Mick Mullin is a plainspoken storyteller making original music steeped in country and gospel traditions. His second album Mullin’ It Over is a diverse set of vignettes digging deep into the soil of the American roots music tradition. Throughout, he contemplates his life up to this point: his choices, his mistakes, and his redemption.
Mullin’ It Over represents his growth both as a person and as a songwriter starting with his 2019 debut Music City Miracle. While the stories told are fictional, the experiences informing them are not, including his struggle with alcoholism and the renewed faith which saved his life. “I would rather be rejected for who I am than accepted for who I’m not,” he says, freely admitting that might not win him any popularity contests. “I’ve decided to carry the torch of original country and roots songwriting to tell the story of where I’ve been and who I am now because of it. I sing in dive bars and honky-tonks on Saturday night and help lead worship in church on Sunday morning with the same flat-top guitar.”
The son of a Kentucky coal miner's daughter and a Tennessee Bible editor, Mullin grew up in Nashville surrounded by the sounds of his family’s beloved Baptist hymns, classic rock ‘n’ roll, and country. In high school he first got involved with both making music and getting into trouble. Youthful run-ins with the law, a bad car accident, and stints in rehab sent him down an unconventional wandering path, guitar in hand, with stops in Las Vegas, New York City, Moscow (Russia), Asheville, and Seattle. Alcoholism followed him along the way, threatening to ruin his life.
His eventual recovery and new stability with his girlfriend (now wife) reignited his love for songwriting, and set him on the path to releasing music for the first time. If Music City Miracle showed his rowdier, honky-tonk side, Mullin’ It Over deliberately leans more traditional, allowing him to play with a variety of sounds and genres.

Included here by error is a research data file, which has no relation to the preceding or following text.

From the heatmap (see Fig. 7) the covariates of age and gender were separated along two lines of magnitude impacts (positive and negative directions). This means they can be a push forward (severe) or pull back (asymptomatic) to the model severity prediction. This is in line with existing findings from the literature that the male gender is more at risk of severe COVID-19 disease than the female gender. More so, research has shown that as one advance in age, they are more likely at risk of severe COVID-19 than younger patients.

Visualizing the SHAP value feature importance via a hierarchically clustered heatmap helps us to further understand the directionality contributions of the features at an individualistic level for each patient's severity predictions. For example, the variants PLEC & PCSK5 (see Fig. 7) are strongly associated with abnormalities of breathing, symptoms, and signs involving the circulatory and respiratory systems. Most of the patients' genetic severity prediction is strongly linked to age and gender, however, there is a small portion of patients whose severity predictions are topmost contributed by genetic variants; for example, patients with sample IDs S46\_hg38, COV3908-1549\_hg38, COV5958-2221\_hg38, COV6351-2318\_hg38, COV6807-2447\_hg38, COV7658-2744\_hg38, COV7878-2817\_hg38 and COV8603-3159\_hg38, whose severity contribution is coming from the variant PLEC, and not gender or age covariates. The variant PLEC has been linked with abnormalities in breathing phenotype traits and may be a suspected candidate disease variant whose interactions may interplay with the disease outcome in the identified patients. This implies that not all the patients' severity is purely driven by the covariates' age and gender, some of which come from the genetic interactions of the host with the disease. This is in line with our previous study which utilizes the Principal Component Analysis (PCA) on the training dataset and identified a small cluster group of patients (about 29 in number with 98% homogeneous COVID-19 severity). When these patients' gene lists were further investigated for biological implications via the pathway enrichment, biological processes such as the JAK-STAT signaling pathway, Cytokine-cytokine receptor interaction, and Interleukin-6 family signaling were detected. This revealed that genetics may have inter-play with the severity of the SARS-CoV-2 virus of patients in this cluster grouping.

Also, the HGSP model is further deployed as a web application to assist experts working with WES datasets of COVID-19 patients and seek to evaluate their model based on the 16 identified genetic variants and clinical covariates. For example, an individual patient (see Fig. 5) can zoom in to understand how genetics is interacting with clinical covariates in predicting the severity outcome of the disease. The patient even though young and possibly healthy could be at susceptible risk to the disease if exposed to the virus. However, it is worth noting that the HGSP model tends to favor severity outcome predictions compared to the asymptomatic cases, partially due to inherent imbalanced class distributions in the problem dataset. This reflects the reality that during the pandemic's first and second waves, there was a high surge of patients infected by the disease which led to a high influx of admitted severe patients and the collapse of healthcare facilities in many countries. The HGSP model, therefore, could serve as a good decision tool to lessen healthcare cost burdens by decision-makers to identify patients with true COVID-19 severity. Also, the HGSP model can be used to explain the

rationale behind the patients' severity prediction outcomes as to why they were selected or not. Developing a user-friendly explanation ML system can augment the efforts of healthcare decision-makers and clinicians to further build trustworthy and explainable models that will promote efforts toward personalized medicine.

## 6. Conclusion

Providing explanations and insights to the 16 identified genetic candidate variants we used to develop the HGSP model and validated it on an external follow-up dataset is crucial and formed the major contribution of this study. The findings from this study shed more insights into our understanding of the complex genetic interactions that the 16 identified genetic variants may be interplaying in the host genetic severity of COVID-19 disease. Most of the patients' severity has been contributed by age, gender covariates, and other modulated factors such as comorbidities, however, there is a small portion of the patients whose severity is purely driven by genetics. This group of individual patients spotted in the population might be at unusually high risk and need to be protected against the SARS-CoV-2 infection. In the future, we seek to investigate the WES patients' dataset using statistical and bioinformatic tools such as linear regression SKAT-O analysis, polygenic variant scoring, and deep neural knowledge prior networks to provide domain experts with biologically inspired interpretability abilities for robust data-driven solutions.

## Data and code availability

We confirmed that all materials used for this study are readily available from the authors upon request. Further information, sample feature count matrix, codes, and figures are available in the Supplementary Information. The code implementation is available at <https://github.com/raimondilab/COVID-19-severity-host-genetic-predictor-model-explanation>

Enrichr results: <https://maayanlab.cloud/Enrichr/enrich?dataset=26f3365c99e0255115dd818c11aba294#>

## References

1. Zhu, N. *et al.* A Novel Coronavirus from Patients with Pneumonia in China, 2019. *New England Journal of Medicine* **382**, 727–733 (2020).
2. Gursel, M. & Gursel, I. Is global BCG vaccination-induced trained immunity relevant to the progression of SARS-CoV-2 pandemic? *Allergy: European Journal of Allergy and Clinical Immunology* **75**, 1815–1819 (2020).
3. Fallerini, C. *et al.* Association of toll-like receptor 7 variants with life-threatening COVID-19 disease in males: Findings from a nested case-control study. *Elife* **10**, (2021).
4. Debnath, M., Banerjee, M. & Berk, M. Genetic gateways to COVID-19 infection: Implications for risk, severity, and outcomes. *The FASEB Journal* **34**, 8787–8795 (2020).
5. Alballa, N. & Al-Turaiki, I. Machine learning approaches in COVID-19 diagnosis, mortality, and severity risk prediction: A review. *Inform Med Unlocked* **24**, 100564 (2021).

Mullin’ It Over was recorded at The Project Room in Nashville with Jerry Webb at the helm as co-producer, engineer, and lead guitarist. Mullin credits the pandemic-imposed downtime with the ability to snag some of Nashville’s A-list session players to contribute. Making an appearance are National Fiddler Hall of Fame members Joe Spivey and Craig Duncan, pedal steel and dobro player Eddie Lange (Joshua Hedley & The Hedliners, Jon Byrd, Mo Pitney), guitarist Billy Smith (son of renowned publicist Hazel Smith), bull fiddle player Marilyn Smith, and upright bass player Lisa Horngren (Johnny Cash’s Tennessee Three, Jett Williams, Carlene Carter). Billy Whittington, a Grammy winner for his work with CeCe Winans and Heather Headley, stepped in as mastering engineer.
References to country music’s past abound on the album, yet Mullin stays true to his love of original storytelling. “Bristol 1927,” a duet featuring Hannah Juanita, is a love story told through letters set during the famous Bristol sessions, and a reflection on how Mullin’s alcoholism led to damaged relationships and squandered opportunities. “Small Black Gun” is a retelling of “Long Black Veil” through the eyes of the real killer, a character who is consumed by cowardice and strong drink, leaving him in a hopeless state worse than death.
Elsewhere is Mullin’s loving tribute to John Prine through a cover of “You Never Even Call Me By My Name” (an uncredited co-write with Steve Goodman), updated with a new verse especially for Prine. His raw, unconventional vocal power is on display in the straight-up honky-tonkers “Thank God They Closed The Honky Tonks” (a duet with fellow Nashville artist Timbo) and “Foolish Son,” the latter a song about the disappointment of fathers based on the Book of Proverbs.
Most fittingly, the album closes with two songs close to Mullin’s heart. His Nana, Bette, a composer and songwriter herself, wrote “Wouldn’t It Be Wonderful?” as a poem in the ‘80s to express her hope of being with God in glory one day. Mullin eventually set the poem to music, but it wasn’t until Bette recently came up with an unexpected melody that they finalized the arrangement and finished the song together. She sings on the track, her first time in the studio. Another high point is the album’s closer “Do You Know Where You’ll Go?,” a hard-driving bluegrass gospel tune with featured guests Billy and Marilyn Smith. In a jubilant twist, the song transitions into Roy Acuff’s “When I Lay My Burden Down” before fading out.
Mullin’ It Over is a mature, forthright blend of country, gospel, and bluegrass, hard truths and painful losses, back alleys and houses of worship. Mullin is the unlikely hero at the center, radiating scruffy charm and sincerity. “I aim to be a positive example of change and redemption,” he explains. “Some folks are songwriters’ songwriters, but I want to be a song lover’s songwriter. I won’t sacrifice originality for tradition’s sake. I just want to connect with folks with these songs, whether it be in a humorous, contemplative, or spiritually-convicting way.”